Optimal iodine levels have been shown to decrease cellular responsiveness to estrogen. Iodine may also balance the concentration of estrogens in the body by building the amount of good estrogen (estriol) and decreasing the less beneficial estrogen (estrone).2,13-15
There may be two major reasons why iodine has become so deficient in the West. First, there has been about a 50% reduction of salt intake since the 1970s.3 While iodine is not a significant component of sea salt, it has been added to salt since 1924 to combat an iodine deficiency epidemic that was causing goiters and thyroid issues countrywide, especially in land-locked areas. This was extremely effective and has been a major source of iodine in America. However, refined salt has been linked to increased risk of cardiovascular concerns, and many health-conscious folks have cut this iodized product out of their diet, opting for sea salt instead.
A second major source of iodine since the 1960s has been commercial breads: in 1960, iodine was added to bread as a dough conditioner. One slice of bread offered 150mcg, 100% of the DRI (now called the Recommended Daily Allowance or RDA). In 1980, iodine in bread was replaced with bromine, which competes with iodine receptors. As a result of these two factors, iodine levels have plummeted by more than 50% over the last 30 years.3
We RecommendThe Complete Guide to Iodine Deficiency
8 Food Sources of Iodine: Iodine-Rich Foods8
- Cod, sardines, salmon, shrimp
- Yogurt, plain
- Salt (iodized), not exposed to air for more than 4 weeks
- Milk (cow’s)
- Fish sticks
- Eggs, boiled
Diets at risk for iodine deficiency include those void of ocean fish and sea vegetables, reduced salt diets (or consuming sea salt replacements instead), and vegetarian or vegan diets.
Vegetarians, who get their nutrition from iodine-depleted soils, generally have significantly low levels of iodine. In one study, iodine deficiency was noted in 25% of vegetarians and a whopping 80% of vegans.16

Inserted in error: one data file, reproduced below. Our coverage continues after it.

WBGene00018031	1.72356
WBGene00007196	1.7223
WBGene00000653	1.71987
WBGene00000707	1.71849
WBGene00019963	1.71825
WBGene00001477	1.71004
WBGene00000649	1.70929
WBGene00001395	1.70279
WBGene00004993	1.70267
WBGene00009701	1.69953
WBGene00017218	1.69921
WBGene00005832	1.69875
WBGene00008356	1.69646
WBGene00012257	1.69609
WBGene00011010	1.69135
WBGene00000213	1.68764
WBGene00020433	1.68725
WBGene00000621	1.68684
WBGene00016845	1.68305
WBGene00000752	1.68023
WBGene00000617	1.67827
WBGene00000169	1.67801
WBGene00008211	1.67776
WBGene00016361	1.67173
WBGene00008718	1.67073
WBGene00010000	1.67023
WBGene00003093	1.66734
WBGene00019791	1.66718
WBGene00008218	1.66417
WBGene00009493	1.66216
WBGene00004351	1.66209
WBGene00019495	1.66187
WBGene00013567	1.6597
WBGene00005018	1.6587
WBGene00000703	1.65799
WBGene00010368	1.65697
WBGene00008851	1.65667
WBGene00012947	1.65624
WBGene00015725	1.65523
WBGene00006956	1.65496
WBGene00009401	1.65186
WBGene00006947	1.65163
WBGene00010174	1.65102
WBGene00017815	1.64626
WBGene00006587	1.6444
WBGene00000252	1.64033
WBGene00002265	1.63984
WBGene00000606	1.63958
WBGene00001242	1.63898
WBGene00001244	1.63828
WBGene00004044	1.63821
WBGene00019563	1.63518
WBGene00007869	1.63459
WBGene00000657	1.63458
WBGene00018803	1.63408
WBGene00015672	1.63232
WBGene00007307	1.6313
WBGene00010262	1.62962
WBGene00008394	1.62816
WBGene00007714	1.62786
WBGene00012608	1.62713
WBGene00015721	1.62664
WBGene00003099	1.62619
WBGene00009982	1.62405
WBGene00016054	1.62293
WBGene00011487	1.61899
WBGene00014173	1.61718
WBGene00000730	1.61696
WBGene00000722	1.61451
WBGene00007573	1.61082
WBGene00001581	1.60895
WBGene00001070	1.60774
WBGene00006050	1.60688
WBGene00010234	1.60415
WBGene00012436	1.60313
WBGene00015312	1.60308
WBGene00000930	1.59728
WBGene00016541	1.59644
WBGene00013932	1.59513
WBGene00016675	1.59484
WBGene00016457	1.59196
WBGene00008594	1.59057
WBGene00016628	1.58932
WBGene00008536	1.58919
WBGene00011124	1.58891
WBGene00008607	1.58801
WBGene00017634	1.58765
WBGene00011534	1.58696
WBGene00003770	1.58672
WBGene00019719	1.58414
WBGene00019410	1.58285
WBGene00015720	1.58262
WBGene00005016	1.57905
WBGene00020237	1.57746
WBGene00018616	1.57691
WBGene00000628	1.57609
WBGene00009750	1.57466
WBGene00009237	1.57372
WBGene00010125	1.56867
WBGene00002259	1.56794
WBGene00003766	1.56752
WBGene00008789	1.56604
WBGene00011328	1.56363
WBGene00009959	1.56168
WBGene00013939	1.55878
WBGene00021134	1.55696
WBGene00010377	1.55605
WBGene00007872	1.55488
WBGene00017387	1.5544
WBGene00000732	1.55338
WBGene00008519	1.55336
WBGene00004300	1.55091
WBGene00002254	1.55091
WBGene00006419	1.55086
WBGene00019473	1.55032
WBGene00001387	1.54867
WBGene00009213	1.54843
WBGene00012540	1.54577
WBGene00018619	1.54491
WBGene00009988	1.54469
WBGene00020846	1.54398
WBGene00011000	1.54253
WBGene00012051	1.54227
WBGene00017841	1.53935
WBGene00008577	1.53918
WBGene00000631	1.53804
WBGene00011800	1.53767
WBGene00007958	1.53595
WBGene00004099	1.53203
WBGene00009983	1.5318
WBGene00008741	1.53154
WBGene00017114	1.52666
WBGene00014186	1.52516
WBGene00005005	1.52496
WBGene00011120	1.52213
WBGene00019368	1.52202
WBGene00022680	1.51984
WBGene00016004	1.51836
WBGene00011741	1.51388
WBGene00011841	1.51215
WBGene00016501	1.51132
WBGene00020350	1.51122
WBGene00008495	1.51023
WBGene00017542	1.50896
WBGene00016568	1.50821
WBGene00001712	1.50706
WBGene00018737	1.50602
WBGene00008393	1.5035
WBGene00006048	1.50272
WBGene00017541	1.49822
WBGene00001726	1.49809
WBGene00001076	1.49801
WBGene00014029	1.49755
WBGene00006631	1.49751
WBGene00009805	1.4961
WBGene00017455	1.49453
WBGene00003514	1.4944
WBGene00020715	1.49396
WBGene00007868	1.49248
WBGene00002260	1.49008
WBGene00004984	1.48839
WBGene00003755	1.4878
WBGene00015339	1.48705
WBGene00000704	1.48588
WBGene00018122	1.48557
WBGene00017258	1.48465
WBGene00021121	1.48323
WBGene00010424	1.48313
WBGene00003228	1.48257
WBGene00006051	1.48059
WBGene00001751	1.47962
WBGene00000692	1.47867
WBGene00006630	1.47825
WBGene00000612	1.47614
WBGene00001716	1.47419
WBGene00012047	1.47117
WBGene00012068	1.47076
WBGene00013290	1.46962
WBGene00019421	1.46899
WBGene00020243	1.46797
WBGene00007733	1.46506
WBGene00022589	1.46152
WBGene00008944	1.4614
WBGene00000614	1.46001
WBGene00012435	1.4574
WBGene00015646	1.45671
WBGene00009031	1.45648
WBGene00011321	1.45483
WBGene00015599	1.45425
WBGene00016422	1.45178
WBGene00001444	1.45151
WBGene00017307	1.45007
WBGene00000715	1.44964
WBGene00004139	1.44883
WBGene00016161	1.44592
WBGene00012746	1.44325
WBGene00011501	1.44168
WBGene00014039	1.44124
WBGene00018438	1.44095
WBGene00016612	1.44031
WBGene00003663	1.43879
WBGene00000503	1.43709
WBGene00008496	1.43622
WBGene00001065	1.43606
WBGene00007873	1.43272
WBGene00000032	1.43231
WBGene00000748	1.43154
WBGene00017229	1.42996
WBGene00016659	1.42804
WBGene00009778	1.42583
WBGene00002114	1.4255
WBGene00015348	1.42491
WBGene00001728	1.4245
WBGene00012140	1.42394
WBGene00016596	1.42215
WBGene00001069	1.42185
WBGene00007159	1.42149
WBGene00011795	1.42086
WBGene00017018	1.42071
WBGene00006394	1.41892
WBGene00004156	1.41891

Detox Toxic Bromide + Fluoride that Compete with Iodine Receptors
In numerous studies, iodine supplementation was found to significantly increase urinary detoxification of both fluoride and bromide.18
In one study, only one day after supplementing with 50mg of iodine, urinary excretion of bromide increased by nearly 50% and fluoride excretions increased by 78%!19 This is a significant toxic load off the thyroid and pineal gland!
In another study, when fluoride levels were high in drinking water, there was a significant reduction in thyroid function, and the effect was worsened when there was an iodine deficiency.
In fact, when iodine levels were normal, there was minimal effect from fluoridated water.17,18
We RecommendHow to Detox Pineal Gland of Fluoride
To achieve optimal breast health and thyroid support from iodine supplementation, I suggest one capsule of Iodine HP (12mg) once every two weeks, which delivers about 1mg a day over time, which has been shown to support breast health.7,9
One large dose of iodine mimics a large sea vegetable meal, which helps flush toxic halogens (bromide and fluoride) from the pineal, thyroid, and iodine storing tissues through the urine.15
Unfortunately, iodine is not available in sufficient quantities in most foods. Sea vegetables, such as kombu (also called kelp), may be the most reliable dietary source, although, radiation contamination must be considered.
Experts believe an effective iodine supplement should contain both iodine and iodide. Iodine is concentrated in different forms by different tissues of the body. The thyroid and skin concentrate the iodide form, while the breast and prostate concentrate the iodine form. If you choose to supplement, look for a product with both iodine and iodide (such as LifeSpa’s Iodine HP). (15)
Studies suggest optimal iodine levels support breast health. Whether you choose to supplement or to make sea vegetables a mainstay in your diet, make sure you are getting enough of this rare, essential mineral.